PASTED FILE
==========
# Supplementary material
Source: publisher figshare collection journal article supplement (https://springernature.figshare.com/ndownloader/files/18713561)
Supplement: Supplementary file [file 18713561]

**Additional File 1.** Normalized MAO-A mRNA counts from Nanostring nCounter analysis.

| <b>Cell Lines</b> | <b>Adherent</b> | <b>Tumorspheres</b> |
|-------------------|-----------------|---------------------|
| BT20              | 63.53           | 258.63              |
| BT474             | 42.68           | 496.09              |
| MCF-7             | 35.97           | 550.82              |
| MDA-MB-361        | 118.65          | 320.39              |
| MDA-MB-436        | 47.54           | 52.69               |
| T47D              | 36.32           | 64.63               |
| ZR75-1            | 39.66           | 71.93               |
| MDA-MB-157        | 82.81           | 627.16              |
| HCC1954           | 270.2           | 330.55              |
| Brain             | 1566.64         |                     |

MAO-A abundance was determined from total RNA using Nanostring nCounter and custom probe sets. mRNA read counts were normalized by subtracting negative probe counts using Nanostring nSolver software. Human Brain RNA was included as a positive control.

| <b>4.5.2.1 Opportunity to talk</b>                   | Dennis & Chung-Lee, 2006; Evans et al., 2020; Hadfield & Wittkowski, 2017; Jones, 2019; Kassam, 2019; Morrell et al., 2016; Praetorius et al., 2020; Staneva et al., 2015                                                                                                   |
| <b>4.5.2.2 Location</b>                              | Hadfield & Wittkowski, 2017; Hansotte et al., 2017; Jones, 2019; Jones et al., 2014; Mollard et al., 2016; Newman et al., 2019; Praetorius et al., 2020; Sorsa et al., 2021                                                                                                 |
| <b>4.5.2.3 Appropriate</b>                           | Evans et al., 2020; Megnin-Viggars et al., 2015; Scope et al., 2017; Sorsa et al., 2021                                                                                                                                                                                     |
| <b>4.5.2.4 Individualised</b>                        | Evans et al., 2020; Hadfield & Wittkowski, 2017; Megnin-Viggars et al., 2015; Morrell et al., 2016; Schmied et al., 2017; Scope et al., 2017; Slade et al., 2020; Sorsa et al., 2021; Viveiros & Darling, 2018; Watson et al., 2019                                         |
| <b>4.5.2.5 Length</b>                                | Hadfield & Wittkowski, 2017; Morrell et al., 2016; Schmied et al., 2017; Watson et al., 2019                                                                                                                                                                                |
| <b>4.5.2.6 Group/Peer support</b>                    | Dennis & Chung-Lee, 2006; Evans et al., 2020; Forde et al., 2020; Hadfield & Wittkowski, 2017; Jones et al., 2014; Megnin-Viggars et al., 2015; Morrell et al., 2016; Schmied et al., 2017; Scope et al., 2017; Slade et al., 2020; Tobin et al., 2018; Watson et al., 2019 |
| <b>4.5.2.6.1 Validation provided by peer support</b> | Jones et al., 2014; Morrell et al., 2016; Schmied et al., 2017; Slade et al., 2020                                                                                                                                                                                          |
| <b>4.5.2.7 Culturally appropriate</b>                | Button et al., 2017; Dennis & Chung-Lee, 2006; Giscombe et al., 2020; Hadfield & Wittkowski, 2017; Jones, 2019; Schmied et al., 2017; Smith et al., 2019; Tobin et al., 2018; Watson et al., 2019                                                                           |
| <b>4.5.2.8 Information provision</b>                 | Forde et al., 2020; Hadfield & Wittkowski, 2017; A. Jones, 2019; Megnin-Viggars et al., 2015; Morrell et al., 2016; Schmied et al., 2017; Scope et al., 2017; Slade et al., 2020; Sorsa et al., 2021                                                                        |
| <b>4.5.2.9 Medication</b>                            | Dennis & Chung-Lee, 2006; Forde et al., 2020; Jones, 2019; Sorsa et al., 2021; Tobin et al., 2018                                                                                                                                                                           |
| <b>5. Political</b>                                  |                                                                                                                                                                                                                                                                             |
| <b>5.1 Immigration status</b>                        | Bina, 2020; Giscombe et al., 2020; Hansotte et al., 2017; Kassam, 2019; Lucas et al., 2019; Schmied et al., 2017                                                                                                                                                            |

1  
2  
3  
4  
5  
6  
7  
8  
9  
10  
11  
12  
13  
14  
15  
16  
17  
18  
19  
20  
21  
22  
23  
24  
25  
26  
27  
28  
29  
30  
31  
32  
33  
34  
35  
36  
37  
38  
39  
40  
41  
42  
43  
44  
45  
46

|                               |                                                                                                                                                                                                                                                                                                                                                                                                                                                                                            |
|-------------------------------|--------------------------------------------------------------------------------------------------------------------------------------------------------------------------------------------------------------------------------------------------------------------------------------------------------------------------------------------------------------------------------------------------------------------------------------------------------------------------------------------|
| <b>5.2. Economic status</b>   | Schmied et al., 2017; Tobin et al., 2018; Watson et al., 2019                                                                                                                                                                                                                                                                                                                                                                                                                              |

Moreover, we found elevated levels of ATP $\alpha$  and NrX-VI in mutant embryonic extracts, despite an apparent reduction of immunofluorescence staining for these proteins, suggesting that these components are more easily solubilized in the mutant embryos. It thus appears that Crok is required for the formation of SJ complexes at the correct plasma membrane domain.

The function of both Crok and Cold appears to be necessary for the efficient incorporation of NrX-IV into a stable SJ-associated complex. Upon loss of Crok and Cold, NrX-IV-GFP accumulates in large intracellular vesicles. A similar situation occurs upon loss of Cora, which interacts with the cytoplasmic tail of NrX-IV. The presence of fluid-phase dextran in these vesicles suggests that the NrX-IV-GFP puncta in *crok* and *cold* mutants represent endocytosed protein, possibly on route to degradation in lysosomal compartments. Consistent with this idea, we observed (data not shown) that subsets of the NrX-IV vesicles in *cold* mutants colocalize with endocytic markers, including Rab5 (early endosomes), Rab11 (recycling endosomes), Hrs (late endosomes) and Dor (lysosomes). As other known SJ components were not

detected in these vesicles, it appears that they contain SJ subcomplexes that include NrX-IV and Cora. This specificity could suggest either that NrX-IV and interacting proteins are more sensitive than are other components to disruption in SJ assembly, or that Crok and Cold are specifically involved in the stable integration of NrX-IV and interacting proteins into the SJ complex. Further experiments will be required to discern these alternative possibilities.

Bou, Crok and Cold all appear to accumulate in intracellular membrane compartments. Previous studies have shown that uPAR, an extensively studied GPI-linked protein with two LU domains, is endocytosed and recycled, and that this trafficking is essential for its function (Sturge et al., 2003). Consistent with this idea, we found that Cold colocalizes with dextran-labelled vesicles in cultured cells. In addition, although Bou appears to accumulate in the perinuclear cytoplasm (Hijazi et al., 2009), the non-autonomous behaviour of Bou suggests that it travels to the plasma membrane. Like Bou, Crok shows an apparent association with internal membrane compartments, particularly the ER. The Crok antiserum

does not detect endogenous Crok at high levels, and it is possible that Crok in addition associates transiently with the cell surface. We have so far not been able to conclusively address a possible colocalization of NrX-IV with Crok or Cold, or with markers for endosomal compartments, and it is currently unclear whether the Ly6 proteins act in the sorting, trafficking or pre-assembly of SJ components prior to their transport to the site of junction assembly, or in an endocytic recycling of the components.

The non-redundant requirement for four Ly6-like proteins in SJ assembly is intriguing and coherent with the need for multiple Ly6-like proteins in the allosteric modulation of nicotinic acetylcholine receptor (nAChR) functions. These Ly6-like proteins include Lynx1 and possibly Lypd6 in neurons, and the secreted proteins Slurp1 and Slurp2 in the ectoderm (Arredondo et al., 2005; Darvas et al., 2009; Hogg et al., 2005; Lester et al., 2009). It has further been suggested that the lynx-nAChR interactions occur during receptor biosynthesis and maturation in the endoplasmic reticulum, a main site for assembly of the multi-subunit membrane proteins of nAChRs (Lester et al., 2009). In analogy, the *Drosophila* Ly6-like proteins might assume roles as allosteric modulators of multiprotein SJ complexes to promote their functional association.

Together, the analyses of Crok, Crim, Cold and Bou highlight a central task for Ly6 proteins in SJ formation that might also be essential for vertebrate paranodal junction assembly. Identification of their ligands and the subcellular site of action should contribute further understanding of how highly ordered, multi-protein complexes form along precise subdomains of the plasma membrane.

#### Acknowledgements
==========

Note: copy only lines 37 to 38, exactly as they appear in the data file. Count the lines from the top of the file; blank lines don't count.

8  
9  